Pygmy falcons mark their nests by the use of their faecal matter, but the reasons behind this is unknown. It has been suggested that this conspicuous faecal mat (white when fresh and turning pinkish with age) present at the entrance of the chamber could deter snakes and reduce the number of ectoparasites.[9] Faecal matter is also thought to boost the immune system of chicks as well as signal to conspecifics. Faecal mats at the entrance of occupied chambers may serve as a social signal to indicate to other falcons that a colony is occupied.[9]

On one occasion a male pygmy falcon was recorded killing another male, and then subsequently took over the dead male's territory and reproduced with the dead male's partner.[10]

Breeding occurs between August and February, with a peak in September and December. The maximum and most frequent clutch size was three eggs, these falcons usually only breed once or up to three times per season.[11]

Cooperative breeding[edit]

Pygmy falcon territories are occasionally inhabited by groups, where there are more than two adults living together and tending nestlings.[12] There are four potential reasons for this behaviour: defence, co-operative polyandry, delayed dispersal of offspring and cooperation, and thermoregulation (warmth). Corroboration for the last is that in winter African pygmy falcons nest further inside the nest of sociable weavers, where there is better insulation.[13]


Pygmy falcons are not threatened.


  1. ^ a b c BirdLife International (2016). "Polihierax semitorquatus". IUCN Red List of Threatened Species. 2016: e.T22696313A93554647. doi:10.2305/IUCN.UK.2016-3.RLTS.T22696313A93554647.en. Retrieved 11 November 2021.
  2. ^ Davieau, Daniel (2008). "Polihierax semitorquatus". Animal Diversity Web. Retrieved Aug 18, 2023.
  3. ^ a b c d Zimmerman, Dale A.; Turner, Donald A. & Pearson, David J. (1999). Birds of Kenya and Northern Tanzania. Princeton University Press. pp. 90–91, 110–111, 309. ISBN 0-691-01022-6.
  4. ^ a b c d e Sinclair, Ian; Hockey, Phil & Tarboton, Warwick (2002). Birds of Southern Africa. Princeton University Press. pp. 116, 132. ISBN 0-691-09682-1. Retrieved 2007-07-26.
  5. ^ a b Lund, Jess; Bolopo, Diana; Thomson, Robert L.; Elliott, Dorianne L.; Arnot, Luke F.; Kemp, Ryno; Lowney, Anthony M.; McKechnie, Andrew E. (2020-02-29). "Winter thermoregulation in free-ranging pygmy falcons in the Kalahari Desert". Journal of Ornithology. 161 (2): 549–555. doi:10.1007/s10336-020-01755-y. ISSN 2193-7192. S2CID 211554648.
  6. ^ a b Covas, Rita; Huyser, Onno & Doutrelant, Claire (2004). "Pygmy Falcon predation of nestlings of their obligate host, the Sociable Weaver". Ostrich. 75 (4): 325–326. doi:10.2989/00306520409485463. ISSN 0030-6525. S2CID 85568509.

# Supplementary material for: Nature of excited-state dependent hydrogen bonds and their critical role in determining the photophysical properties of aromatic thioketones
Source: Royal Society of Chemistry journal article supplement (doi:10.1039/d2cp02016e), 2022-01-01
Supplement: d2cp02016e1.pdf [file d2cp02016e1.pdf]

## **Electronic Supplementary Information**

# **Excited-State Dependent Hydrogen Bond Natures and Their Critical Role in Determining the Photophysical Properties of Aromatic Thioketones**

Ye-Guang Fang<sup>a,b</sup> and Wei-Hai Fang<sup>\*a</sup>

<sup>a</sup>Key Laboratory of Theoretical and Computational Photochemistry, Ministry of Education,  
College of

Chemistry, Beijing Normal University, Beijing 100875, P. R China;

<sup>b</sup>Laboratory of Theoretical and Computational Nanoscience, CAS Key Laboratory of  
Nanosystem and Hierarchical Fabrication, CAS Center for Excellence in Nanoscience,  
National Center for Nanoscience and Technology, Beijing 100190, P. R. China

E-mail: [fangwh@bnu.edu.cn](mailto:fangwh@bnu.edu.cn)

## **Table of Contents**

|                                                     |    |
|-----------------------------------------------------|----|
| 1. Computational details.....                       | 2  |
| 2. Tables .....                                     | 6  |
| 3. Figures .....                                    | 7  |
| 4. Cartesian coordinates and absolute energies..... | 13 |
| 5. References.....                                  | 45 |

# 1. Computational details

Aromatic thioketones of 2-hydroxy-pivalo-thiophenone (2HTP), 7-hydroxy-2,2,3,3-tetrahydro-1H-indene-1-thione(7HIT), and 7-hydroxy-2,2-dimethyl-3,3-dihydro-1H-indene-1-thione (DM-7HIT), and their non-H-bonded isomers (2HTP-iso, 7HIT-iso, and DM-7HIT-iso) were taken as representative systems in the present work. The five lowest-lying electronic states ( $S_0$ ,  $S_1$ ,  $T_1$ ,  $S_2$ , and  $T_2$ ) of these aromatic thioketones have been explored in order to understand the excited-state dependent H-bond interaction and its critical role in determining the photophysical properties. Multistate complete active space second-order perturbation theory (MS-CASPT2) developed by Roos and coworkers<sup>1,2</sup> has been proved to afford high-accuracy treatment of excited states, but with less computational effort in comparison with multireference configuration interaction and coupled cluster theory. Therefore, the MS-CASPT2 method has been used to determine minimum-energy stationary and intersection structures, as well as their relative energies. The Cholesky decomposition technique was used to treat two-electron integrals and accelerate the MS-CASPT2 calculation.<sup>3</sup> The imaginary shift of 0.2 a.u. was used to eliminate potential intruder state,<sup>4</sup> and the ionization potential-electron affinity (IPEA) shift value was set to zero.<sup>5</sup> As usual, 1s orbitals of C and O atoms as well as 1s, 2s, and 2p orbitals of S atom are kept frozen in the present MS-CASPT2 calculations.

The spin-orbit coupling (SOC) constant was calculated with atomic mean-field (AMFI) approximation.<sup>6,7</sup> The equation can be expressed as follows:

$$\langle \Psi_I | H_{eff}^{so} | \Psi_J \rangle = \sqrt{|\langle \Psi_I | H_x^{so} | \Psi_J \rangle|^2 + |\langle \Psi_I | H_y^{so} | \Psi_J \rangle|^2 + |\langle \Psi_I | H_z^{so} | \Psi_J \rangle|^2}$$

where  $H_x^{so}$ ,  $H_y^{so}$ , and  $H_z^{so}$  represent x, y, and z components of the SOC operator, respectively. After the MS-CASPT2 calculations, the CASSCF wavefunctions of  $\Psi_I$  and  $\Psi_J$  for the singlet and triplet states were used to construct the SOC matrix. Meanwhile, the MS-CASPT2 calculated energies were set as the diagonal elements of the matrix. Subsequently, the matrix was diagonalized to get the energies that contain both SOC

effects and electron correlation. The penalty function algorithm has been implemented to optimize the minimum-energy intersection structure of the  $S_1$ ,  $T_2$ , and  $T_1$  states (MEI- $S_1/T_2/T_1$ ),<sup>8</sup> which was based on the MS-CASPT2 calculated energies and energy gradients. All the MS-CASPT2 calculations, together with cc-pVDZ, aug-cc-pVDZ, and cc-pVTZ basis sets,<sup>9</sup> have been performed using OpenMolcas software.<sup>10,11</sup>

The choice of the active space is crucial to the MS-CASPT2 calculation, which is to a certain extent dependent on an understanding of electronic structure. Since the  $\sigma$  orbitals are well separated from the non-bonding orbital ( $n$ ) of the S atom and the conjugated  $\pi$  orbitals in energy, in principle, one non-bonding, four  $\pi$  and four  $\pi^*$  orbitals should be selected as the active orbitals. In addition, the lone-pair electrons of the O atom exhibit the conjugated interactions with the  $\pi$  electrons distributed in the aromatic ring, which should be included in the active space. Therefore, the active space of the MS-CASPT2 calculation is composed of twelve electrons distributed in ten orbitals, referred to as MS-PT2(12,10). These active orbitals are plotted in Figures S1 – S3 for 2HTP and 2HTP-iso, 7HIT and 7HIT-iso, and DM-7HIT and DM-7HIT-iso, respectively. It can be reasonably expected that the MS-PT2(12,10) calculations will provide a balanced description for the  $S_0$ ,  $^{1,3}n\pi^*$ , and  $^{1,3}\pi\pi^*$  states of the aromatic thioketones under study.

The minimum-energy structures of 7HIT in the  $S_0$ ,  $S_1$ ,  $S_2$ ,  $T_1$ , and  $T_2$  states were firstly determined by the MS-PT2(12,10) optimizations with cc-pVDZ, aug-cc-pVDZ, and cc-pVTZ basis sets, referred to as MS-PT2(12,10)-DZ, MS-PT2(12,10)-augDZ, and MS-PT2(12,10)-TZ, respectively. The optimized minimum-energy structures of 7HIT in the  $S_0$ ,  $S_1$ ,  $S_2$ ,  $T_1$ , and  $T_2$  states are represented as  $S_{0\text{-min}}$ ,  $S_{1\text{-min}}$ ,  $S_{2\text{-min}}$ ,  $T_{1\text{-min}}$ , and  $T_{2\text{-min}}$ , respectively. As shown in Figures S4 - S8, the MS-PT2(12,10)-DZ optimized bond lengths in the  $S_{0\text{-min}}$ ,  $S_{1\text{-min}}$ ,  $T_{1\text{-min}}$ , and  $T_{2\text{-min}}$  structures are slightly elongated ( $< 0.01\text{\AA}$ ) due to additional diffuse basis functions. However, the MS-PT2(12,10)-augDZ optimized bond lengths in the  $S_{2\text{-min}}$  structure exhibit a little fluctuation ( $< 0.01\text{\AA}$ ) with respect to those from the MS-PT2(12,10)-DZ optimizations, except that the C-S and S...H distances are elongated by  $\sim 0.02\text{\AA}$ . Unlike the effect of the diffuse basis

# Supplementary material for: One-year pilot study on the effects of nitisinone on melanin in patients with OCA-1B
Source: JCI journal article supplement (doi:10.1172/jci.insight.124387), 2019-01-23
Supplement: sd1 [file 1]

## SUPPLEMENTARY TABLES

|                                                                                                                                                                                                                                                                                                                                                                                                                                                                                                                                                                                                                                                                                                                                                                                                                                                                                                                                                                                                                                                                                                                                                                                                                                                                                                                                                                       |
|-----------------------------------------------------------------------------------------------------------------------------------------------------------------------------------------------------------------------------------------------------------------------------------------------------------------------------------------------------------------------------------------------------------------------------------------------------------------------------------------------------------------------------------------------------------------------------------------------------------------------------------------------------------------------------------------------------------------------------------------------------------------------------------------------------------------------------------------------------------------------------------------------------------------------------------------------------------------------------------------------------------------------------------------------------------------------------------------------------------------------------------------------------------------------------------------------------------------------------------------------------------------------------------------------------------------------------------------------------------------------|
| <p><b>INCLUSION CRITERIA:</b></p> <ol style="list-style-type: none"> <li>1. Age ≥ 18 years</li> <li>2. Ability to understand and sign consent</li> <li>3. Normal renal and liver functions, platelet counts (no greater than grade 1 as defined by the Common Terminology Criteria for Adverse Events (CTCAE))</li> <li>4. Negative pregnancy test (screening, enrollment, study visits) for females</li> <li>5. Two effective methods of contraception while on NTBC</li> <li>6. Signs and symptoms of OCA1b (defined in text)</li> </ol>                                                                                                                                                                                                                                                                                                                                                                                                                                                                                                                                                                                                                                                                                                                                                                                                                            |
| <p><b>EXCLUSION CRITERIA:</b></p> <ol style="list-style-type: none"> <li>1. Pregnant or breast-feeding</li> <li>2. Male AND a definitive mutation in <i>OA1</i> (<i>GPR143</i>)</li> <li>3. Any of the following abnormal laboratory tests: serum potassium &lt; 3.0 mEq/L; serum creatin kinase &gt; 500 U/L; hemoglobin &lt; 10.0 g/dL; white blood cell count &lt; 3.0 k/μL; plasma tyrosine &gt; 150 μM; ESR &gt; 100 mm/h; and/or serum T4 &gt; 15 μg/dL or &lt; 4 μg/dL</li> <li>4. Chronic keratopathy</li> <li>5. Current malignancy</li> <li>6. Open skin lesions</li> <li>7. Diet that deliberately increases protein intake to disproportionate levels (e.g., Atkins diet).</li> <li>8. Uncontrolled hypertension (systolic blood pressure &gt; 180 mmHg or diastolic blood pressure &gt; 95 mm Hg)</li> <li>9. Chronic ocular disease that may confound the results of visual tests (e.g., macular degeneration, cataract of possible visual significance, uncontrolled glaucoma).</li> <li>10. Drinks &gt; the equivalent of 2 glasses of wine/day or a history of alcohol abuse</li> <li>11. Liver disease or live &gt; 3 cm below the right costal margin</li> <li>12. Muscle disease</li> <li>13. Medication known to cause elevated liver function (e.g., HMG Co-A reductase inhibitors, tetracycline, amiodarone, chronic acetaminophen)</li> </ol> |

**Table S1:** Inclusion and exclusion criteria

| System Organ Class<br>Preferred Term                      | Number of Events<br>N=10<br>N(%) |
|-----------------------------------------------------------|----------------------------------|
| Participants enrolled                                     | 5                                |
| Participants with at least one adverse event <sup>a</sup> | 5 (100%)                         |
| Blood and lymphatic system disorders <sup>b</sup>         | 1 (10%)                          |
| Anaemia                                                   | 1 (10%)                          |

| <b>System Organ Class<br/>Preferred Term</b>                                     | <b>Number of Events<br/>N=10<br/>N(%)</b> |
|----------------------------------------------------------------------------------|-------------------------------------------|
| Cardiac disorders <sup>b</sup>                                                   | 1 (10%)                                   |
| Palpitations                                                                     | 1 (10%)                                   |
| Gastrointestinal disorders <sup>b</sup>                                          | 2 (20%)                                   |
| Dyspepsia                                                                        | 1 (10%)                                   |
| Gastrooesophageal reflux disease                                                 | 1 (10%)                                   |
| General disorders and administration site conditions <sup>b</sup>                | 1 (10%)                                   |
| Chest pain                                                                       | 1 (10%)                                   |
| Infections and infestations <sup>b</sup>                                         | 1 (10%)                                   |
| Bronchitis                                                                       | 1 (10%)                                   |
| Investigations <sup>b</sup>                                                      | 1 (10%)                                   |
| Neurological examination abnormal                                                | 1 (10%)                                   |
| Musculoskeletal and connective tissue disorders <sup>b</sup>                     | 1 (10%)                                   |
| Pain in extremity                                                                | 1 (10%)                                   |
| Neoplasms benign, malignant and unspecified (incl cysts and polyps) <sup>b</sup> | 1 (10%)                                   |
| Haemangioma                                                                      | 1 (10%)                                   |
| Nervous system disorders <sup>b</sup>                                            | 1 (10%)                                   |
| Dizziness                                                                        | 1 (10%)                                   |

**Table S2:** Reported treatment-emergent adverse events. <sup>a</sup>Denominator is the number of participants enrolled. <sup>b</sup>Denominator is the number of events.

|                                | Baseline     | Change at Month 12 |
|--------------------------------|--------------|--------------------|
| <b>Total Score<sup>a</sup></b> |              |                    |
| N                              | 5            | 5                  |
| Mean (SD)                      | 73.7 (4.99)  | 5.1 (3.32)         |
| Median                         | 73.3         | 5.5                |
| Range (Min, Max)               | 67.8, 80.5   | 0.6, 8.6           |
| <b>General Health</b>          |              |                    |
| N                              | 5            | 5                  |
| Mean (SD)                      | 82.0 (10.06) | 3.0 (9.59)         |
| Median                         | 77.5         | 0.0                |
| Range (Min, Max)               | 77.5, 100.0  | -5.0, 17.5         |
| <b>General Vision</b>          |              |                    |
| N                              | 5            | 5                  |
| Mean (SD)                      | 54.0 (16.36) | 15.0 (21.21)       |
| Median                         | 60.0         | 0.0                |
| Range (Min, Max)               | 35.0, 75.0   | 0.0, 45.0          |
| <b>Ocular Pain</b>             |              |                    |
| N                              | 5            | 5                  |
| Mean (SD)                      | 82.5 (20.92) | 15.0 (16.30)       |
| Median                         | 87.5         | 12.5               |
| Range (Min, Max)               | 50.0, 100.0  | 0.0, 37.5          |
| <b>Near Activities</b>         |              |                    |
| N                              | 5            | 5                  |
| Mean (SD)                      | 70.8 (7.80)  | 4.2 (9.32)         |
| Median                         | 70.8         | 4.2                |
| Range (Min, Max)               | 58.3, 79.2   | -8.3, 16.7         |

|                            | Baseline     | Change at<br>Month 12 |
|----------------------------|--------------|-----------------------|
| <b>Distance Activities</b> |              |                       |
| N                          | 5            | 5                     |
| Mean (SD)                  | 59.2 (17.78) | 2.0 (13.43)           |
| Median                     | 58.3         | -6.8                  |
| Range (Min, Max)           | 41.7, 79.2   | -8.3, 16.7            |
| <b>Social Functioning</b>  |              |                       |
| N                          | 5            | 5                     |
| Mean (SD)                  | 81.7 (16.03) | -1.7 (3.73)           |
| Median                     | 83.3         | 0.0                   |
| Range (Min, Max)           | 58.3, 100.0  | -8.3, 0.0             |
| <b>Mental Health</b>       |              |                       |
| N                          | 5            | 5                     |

7. ^ Lowney, Anthony M; Flower, Tom P; Thomson, Robert L (Jun 2020). "Kalahari skinks eavesdrop on sociable weavers to manage predation by pygmy falcons and expand their realized niche presence". Behavioral Ecology. 31 (5): 1094–1102. doi:10.1093/beheco/araa057.
  8. ^ Lowney, Anthony M.; Bolopo, Diana; Krochuk, Billi A.; Thomson, Robert L. (2020-11-03). "The Large Communal Nests of Sociable Weavers Provide Year-Round Insulated Refuge for Weavers and Pygmy Falcons". Frontiers in Ecology and Evolution. 8. doi:10.3389/fevo.2020.570006. ISSN 2296-701X.
  9. ^ a b Krochuk, Billi A; Bolopo, Diana; Lowney, Anthony M; Meyers, Paul R; Spottiswoode, Claire N; Raman, Rajendra MG; Thomson, Robert L (2018-10-02). "Why defaecate on your doorstep? Investigating an unusual behaviour in Africa's smallest falcon". Ostrich. 89 (4): 307–314. doi:10.2989/00306525.2018.1529001. ISSN 0030-6525. S2CID 92234468.
  10. ^ Lowney, Anthony; Green, Kelsey; Ngomane, Bonginkosi P; Thomson, Robert L (2017). "Mortal Combat: Intraspecific Killing by an African Pygmy Falcon (Polihierax semitorquatus) to Acquire New Mate and Territory". Journal of Raptor Research. 51 (1): 89–91. doi:10.3356/JRR-16-64.1. S2CID 91009234.
  11. ^ Olubodun, Olufemi P.; Lowney, Anthony M.; Bolopo, Diana; Thomson, Robert L. (2023-03-30). "Breeding biology of the African Pygmy Falcon: long‑term variation and seasonal decline in breeding performance of an arid zone raptor" (PDF). Journal of Ornithology. 164 (3): 689–704. doi:10.1007/s10336-023-02065-9. Retrieved 2024-03-16.
  12. ^ Bolopo, Diana; Lowney, A; Thomson, Robert L. (2019). "Helpers improve fledgling body condition in bigger broods of cooperatively breeding African pygmy falcon". Behavioral Ecology and Sociobiology. 73 (4): 1–9. doi:10.1007/s00265-018-2630-3. S2CID 59259520.
  13. ^ Spottiswoode, Claire; Herrmann, Eric; Rasa, O. Anne E. & Sapsford, Colin W. (2004). "Co-operative breeding in the Pygmy Falcon Polihierax semitorquatus". Ostrich. 75 (4): 322–324. doi:10.2989/00306520409485462. ISSN 0030-6525. S2CID 84652310.